David Richardson: Just like Barak Obama

I feel a bit like I imagine Barack Obama must feel. I’ve concentrated on the task in hand, worked hard for over a year, often in almost impossible conditions and against long odds to get the job done. Finally harvest was finished and we were all drilled up, and there was a moment of euphoria as the target was reached. Then reality hit.

The size of the problems ahead crowded in on me as they must have last week on the US President elect. Prospects that looked exciting at a distance now became daunting. Why did he, why did I, ever think we wanted the job?

OK, I’m being presumptuous in comparing my problems to those of the forthcoming tenant of the White House. But from where I sit they are just as serious. Further, whereas the 44th US President will need to make financial decisions of earth-shattering scale and complexity, it won’t be his money he’s spending. When I make decisions about much smaller dilemmas every penny at risk will be mine (or borrowed from my bank – if it still exists).

Moreover, there are a number of other ways in which my situation is potentially worse than that of America (or the UK come to that). I planted wheat last autumn anticipating it would be sold on a rising market. Some of it was, thank goodness, and I am grateful for that. But the farm economy (like that of the world) imploded and there’s still some unsold in the barn.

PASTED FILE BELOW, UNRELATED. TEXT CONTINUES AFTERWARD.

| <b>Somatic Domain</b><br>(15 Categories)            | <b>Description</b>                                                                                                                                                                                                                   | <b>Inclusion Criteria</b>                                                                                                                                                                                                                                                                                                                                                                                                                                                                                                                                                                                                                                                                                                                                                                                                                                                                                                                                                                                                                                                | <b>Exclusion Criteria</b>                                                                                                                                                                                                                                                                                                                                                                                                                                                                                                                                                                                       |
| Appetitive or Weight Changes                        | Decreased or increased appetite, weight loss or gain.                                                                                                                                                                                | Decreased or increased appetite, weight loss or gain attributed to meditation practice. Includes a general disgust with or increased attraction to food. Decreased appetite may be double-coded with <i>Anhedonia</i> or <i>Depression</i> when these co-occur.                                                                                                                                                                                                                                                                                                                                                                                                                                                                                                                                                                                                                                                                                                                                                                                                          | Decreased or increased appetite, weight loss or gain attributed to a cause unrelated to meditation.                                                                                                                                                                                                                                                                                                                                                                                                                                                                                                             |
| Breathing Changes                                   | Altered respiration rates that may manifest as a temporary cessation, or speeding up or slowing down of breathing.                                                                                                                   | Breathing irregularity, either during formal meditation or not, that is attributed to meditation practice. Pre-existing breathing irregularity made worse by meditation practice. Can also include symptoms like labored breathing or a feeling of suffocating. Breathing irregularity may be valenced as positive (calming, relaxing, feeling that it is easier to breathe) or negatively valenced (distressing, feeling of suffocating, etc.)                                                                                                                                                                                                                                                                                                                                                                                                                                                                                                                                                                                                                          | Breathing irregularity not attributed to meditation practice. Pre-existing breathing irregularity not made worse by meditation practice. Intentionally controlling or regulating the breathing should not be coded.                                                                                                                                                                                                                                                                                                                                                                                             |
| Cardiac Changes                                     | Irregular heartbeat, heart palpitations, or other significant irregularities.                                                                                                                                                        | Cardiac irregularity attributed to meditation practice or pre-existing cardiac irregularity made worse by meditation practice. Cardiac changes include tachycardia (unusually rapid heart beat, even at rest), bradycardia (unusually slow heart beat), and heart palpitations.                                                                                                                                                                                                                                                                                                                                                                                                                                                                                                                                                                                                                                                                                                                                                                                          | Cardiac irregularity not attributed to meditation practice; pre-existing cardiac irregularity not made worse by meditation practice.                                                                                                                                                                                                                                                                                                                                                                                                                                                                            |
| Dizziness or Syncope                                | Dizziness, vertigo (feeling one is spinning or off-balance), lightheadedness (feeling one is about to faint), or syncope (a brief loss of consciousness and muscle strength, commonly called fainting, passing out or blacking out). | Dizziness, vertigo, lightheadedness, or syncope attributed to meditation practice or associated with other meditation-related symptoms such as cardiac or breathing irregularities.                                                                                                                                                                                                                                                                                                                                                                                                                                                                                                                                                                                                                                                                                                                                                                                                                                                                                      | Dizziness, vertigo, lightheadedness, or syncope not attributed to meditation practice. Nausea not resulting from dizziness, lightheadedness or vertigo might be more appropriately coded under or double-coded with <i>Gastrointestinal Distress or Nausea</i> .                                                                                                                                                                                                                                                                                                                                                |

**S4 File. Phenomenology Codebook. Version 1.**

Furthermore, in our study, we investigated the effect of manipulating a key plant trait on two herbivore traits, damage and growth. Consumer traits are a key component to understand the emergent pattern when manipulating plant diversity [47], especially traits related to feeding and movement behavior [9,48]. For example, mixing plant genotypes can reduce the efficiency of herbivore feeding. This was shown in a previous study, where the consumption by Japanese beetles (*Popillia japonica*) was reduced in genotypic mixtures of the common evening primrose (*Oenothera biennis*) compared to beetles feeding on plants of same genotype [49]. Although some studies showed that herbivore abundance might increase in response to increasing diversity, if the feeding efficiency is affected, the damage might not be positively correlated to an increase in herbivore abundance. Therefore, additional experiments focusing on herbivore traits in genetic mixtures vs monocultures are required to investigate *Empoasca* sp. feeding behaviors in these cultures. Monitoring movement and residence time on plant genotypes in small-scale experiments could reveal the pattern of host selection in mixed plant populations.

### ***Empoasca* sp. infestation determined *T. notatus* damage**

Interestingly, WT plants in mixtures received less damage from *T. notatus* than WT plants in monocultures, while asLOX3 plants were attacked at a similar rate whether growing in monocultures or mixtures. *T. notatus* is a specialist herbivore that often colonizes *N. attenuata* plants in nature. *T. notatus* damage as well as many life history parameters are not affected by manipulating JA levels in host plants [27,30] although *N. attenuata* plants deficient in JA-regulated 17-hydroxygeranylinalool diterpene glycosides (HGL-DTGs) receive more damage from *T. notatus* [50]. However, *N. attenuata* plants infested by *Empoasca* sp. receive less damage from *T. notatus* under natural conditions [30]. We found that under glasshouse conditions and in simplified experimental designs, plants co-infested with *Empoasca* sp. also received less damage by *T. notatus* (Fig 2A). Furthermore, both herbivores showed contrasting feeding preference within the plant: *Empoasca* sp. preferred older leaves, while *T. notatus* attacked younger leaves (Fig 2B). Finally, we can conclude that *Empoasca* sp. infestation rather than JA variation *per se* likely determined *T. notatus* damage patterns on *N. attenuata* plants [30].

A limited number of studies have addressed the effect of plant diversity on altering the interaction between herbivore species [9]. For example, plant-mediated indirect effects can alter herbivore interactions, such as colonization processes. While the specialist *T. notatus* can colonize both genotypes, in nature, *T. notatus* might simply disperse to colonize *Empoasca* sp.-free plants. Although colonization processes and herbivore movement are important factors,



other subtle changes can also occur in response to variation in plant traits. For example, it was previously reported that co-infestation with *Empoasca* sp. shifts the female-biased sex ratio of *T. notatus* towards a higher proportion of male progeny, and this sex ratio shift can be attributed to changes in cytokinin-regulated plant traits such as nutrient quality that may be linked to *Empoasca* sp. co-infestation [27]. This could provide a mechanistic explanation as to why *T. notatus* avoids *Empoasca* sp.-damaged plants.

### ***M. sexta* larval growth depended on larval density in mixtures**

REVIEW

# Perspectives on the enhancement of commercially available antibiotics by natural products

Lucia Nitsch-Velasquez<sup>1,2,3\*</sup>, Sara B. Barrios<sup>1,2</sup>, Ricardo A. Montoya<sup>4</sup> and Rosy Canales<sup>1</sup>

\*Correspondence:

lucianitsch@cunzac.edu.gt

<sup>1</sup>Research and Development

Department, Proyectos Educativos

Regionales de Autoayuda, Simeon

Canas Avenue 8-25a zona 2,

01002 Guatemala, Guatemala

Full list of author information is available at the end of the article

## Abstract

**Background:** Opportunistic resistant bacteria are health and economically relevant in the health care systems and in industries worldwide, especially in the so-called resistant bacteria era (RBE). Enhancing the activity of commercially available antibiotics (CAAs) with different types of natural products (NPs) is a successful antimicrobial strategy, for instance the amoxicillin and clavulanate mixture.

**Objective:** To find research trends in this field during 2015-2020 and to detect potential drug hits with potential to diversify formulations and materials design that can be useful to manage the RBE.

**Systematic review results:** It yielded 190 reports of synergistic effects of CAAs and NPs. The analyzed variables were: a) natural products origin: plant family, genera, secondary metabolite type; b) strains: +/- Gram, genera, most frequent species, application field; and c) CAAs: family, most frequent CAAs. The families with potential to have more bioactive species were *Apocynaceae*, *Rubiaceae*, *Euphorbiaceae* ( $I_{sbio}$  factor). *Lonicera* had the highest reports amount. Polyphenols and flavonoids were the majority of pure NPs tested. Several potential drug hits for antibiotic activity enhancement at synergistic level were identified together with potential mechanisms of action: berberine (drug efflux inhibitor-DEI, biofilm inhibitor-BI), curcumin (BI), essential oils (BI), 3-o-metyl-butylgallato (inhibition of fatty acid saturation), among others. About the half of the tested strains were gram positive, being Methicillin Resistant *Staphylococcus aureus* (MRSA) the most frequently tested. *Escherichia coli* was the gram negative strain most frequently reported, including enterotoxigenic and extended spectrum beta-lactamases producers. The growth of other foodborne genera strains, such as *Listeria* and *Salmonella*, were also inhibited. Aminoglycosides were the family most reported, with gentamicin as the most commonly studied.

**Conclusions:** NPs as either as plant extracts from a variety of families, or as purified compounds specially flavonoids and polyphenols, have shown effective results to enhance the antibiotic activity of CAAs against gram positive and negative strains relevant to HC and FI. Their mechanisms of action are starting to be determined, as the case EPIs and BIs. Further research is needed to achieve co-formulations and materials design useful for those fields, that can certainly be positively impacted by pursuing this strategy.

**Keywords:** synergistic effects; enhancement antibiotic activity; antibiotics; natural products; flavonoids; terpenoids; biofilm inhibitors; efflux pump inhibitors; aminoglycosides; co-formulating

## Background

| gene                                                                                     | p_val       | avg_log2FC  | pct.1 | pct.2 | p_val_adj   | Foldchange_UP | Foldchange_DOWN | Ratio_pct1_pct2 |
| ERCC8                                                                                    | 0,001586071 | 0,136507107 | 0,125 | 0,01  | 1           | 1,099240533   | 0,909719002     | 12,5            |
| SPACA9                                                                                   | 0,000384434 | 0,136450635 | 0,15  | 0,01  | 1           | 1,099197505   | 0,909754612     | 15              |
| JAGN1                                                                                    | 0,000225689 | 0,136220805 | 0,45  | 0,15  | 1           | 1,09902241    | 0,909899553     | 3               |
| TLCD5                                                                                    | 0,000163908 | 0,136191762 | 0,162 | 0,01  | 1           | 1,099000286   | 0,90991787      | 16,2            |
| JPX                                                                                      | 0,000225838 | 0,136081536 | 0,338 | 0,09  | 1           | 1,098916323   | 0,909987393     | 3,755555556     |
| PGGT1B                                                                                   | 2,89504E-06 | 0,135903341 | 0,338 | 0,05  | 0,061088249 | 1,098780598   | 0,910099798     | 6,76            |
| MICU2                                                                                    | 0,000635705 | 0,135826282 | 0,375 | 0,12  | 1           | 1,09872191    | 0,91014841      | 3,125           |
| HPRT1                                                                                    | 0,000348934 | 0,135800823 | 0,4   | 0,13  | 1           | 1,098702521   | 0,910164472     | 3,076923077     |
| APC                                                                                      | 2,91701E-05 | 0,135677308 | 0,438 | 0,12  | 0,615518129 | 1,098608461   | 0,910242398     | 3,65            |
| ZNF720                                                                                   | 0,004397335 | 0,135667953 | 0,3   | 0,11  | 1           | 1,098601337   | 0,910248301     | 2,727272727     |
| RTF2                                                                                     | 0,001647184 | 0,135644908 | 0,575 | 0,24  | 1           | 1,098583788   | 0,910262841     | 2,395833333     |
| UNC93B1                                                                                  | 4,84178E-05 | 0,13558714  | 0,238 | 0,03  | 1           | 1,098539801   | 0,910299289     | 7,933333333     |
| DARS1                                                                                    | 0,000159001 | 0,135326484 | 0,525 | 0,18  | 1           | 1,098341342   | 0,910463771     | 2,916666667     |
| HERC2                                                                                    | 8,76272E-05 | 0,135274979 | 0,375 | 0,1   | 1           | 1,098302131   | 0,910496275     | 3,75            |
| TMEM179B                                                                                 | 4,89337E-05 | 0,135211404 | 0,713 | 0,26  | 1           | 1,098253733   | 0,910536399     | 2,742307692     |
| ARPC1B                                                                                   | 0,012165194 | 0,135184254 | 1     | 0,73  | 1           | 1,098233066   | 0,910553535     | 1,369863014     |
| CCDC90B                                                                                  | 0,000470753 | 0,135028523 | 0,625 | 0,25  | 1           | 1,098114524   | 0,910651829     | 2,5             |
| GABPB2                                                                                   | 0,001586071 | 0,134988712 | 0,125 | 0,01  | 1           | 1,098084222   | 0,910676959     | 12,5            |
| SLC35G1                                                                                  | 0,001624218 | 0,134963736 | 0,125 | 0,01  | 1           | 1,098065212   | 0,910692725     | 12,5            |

We’ve just completed this year’s drilling against a background of falling prices (and in horrible wet conditions that do not auger well for good yields next August. I also fear for the late-drilled oilseed rape). Meanwhile sharply increasing prices of essential inputs have pushed up production costs to an all-time high.

If it all goes pear-shaped (the equivalent of the US mortgage crisis that led to the world financial collapse) will the International Monetary Fund or Middle Eastern oil barons bail me out? I think not. It’s far more likely, if my bank gets a sniff I’m having a bad year, that they’ll demand a higher interest rate on the basis of their greater risk, making my position worse.

And if, because of my bad management or bad marketing or bad luck, I am in desperate need of extra cash to invest in future production, might I, as governments do, be able to raise it by claiming more money (governments call it taxes) from those with whom I trade? What a silly question.

Then, just to reinforce the fact that the party was over, Russia announced it would place new nuclear weapons on its border in retaliation for US missiles in Poland. And the Environment Committee of the European Parliament confirmed the EU’s intention to ban some of the agrochemicals I need to grow profitable yields. The crises continue. Being US President isn’t fundamentally different from being a farmer. But I gather the perks are better.

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